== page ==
Some workers have been much less diplomatic than the Osbornes on blogs like Gawker, which is running a series of stories about harsh working conditions and the “soul-crushing experience” at Amazon’s warehouses. A few have likened the company-sponsored RV camps to the Great Depression’s Hoovervilles.
And a class-action lawsuit accusing Amazon of wage theft at the Nevada facility is now before the Supreme Court. Justices recently heard arguments over whether those workers must be paid for time spent going through security screenings that can take as long as 25 minutes at the end of their shifts. (Temp workers have emphasized on numerous blogs that theft prevention is a major priority for Amazon).
Criticism of the seasonal work can be expected when many of the employees live a hand-to-mouth existence doing rote assembly line-style jobs. Even Amazon calls its training, “work hardening,” which Bruder thinks is “a bizarrely blunt way to describe what’s happening.”
Temp employees have said the company is generous with free Advil, for all the aches and pains, and sometimes doles out swag and gratis meals.
Unless and until these jobs are automated, Bruder expects Amazon to continue hiring seasonal temps, many in their 50s, 60s and 70s.
The Bureau of Labor Statistics reports that 12% of those 70-plus continue working today versus 6.7% in 1985, and the Center for Retirement Research found that 49% of those 50-59 years old aren’t covered by a pension.
Fifty-three percent of households are at risk of not being able to maintain their living standards in retirement, the center found, and the risk is greater when health care costs are factored in.
Older Americans expect less financial security than their parents had, according to the AARP, and 80% of Baby Boomers expect to work in retirement, citing “need the money” as their primary reason.
The market conditions created “a bit of a perfect storm,” said David Allen Larson, professor of labor and employment law at Minnesota’s Hamline University. “ Companies reduced costs during the recession, which meant getting rid of the higher salaried people, most of them older,” he said. “It’s statistically harder to get re-employed at that age.”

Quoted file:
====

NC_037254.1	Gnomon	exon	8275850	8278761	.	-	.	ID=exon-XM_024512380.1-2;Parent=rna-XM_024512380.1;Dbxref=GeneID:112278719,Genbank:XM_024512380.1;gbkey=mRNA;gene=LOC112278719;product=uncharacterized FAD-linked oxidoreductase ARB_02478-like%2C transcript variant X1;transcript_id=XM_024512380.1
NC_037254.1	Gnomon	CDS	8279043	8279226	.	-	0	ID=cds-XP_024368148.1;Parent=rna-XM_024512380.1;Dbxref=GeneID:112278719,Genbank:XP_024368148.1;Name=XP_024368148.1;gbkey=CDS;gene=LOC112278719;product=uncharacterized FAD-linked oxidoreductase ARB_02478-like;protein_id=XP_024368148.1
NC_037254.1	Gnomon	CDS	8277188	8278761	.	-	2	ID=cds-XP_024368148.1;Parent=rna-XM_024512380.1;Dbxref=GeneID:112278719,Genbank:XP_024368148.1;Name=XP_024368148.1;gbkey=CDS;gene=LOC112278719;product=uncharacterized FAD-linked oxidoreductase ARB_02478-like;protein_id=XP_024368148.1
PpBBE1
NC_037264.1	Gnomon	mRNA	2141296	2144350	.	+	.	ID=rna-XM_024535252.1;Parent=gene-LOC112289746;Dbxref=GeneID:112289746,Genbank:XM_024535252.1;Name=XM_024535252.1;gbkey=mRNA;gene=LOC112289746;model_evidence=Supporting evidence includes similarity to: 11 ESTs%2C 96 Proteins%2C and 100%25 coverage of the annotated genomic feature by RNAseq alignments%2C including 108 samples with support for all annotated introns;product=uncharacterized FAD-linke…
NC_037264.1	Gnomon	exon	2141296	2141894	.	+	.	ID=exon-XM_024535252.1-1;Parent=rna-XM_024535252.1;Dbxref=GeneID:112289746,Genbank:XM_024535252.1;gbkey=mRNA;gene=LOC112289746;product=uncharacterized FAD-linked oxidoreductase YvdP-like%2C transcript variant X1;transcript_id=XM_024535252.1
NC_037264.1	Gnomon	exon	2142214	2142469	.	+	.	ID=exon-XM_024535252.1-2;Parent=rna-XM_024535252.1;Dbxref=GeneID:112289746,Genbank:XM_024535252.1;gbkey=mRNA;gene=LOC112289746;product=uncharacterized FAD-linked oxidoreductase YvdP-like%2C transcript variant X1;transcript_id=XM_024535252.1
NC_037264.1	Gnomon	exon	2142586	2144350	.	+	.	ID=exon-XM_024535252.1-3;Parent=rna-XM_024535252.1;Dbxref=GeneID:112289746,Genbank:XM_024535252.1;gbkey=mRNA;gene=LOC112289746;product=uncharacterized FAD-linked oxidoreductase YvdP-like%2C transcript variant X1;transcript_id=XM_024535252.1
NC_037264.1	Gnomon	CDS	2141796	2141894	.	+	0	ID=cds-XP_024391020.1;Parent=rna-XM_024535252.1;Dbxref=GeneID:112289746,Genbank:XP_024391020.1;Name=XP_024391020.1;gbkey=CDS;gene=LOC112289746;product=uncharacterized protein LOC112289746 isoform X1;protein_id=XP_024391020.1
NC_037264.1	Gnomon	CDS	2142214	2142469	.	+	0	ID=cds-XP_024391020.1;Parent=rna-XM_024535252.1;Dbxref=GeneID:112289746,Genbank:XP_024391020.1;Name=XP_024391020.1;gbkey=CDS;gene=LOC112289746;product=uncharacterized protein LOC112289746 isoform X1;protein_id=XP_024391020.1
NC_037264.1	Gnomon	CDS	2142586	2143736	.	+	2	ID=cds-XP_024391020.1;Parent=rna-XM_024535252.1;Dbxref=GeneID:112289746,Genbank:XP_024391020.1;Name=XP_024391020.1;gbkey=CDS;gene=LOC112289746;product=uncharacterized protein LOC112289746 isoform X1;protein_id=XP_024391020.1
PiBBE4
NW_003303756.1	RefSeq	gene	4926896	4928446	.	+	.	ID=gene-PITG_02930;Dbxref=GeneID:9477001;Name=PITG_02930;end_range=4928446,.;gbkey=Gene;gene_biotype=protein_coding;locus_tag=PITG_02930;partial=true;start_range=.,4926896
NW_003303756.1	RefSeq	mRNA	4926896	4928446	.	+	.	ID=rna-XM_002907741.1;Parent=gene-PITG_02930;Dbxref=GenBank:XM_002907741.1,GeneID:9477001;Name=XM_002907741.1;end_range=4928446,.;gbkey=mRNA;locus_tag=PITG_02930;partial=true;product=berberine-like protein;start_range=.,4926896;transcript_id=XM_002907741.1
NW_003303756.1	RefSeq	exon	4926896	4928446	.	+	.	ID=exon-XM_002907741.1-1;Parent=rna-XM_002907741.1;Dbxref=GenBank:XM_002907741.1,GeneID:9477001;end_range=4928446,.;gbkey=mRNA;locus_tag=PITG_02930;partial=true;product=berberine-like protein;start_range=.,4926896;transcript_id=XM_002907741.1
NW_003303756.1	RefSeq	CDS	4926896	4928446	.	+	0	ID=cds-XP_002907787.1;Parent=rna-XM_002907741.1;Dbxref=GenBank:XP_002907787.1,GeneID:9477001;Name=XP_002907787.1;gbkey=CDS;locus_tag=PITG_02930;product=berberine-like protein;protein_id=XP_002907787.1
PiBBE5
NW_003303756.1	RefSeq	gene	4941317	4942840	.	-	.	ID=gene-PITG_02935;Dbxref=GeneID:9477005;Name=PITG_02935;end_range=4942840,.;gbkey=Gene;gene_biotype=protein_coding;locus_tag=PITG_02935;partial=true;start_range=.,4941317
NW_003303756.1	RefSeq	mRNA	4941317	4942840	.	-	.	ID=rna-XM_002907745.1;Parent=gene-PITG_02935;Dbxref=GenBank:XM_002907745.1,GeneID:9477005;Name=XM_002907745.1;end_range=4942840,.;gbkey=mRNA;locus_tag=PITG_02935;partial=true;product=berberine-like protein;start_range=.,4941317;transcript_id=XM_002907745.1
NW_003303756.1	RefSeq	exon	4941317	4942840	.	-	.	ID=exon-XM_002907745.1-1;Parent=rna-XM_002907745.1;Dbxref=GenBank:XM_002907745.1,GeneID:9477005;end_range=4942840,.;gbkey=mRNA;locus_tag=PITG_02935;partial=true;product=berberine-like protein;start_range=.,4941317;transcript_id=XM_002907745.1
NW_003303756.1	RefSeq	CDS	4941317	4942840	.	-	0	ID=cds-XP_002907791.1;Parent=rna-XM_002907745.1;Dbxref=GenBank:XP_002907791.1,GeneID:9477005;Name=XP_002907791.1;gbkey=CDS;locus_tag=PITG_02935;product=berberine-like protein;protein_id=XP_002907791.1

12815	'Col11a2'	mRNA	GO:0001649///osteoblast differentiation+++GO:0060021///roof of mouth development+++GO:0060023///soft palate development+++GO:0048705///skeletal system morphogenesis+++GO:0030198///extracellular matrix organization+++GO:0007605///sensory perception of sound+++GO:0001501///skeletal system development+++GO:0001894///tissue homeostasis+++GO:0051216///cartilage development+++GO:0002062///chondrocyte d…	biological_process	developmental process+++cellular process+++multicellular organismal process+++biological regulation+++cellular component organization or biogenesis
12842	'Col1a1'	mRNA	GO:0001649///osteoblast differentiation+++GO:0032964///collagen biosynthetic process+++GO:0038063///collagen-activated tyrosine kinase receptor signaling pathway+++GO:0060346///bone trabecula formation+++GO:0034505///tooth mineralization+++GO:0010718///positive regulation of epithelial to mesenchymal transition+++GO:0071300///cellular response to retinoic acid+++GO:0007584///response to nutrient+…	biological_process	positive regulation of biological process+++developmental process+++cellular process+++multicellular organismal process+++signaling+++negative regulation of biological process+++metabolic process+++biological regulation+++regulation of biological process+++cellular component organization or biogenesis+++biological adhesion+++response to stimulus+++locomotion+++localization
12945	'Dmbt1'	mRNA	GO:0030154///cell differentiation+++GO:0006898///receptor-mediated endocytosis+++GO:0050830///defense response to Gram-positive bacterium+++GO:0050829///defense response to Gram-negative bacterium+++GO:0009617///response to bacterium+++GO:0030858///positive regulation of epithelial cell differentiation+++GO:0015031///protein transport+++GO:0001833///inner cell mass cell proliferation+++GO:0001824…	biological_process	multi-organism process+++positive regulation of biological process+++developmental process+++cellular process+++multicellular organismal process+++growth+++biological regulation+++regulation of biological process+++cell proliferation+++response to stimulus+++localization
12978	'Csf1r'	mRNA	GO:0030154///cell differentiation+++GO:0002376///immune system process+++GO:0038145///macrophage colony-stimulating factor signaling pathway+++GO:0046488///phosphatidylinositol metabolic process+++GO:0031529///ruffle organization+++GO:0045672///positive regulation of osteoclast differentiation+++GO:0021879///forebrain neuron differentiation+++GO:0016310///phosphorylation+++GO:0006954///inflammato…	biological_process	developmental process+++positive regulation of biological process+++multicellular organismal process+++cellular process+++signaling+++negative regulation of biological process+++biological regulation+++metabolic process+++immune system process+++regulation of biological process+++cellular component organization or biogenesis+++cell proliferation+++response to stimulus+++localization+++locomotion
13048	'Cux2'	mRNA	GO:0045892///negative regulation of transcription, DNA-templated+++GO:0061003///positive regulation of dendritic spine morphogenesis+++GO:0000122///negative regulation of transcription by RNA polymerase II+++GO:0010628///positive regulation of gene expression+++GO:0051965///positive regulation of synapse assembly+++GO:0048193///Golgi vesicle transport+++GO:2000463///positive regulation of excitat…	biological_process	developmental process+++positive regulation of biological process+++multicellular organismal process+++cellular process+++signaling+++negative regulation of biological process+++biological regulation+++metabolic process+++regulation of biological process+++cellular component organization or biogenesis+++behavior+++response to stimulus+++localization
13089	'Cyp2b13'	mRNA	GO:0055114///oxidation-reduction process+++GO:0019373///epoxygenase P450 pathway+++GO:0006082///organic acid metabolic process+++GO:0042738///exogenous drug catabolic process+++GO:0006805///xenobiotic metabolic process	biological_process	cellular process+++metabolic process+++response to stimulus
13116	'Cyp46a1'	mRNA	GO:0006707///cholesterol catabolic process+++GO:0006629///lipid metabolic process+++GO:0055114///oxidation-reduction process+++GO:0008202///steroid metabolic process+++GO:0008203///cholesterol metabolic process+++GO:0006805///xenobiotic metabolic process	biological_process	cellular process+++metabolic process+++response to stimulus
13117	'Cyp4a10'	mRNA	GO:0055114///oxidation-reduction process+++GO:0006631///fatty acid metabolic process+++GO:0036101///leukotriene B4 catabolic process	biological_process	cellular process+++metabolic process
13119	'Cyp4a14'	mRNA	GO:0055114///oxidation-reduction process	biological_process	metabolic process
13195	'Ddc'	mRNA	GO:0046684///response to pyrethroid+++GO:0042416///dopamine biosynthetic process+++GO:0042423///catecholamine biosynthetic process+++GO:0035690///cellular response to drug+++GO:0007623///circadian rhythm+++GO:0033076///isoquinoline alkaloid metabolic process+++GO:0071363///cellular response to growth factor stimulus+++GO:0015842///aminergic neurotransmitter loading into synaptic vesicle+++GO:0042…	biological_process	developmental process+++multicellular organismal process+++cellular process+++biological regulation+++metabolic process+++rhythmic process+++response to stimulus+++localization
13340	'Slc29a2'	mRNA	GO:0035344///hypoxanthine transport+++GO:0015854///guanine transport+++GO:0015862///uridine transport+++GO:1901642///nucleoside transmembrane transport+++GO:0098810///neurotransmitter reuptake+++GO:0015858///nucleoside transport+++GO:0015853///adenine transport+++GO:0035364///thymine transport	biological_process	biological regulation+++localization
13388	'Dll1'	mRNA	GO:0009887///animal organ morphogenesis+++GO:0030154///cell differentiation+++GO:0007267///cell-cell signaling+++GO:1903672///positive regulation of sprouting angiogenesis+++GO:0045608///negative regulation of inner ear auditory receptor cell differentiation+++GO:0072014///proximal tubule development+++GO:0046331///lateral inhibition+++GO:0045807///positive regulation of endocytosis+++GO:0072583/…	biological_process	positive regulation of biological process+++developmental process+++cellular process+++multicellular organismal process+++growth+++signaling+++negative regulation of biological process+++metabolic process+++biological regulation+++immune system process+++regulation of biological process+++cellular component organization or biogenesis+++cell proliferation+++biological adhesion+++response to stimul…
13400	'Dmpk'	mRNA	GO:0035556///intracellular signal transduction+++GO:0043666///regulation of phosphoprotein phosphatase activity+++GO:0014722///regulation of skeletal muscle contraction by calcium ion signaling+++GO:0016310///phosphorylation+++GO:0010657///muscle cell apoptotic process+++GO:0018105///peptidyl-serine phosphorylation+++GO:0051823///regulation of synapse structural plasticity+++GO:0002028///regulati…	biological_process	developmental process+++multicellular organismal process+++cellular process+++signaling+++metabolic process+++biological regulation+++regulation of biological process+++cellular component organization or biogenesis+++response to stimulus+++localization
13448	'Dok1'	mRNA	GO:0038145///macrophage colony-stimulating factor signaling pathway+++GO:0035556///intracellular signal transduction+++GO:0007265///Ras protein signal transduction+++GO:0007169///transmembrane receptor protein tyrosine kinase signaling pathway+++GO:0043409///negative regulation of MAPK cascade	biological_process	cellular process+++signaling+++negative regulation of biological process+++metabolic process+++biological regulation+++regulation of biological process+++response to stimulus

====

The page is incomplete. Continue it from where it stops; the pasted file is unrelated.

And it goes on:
Older people who continue working list a number of hardships that landed them in their current situation, among them declining home values, exhausted savings and loss of health insurance, according to AARP research.
Not to say that there aren’t some comfortable retirees combining seasonal jobs with sightseeing, but many of the migrant elderly folks that Bruder encountered during her reporting “seemed one injury or broken axle away from true homelessness,” she wrote in Harper’s.
They have no union protection, and Larson likens them to immigrant workers who may be willing to put up with less-than-idea conditions, including injuries.
“They probably feel like they need to keep their mouths shut and take what they can get,” Larson said, “because if they leave they’ll be worse off.”
The elderly Amazon employees take real pride in their work, Bruder said, and feel like it imbues them with a sense of purpose. That’s why they’re annoyed when shoppers order cheap trinkets or goofy novelties for holiday gift giving.
“When they pack the kinds of goods that they can guess the end users will throw away within five months, it’s extra heartbreaking for them,” Bruder said. “They’ve told themselves that they’re making people’s holiday wishes come true. They express a real frustration in seeing a bunch of disposable stuff.”
And for crying out loud, don’t make Grandma ship your sex toys.
“They’re all really tired of packing those,” Bruder said. “Across the board.”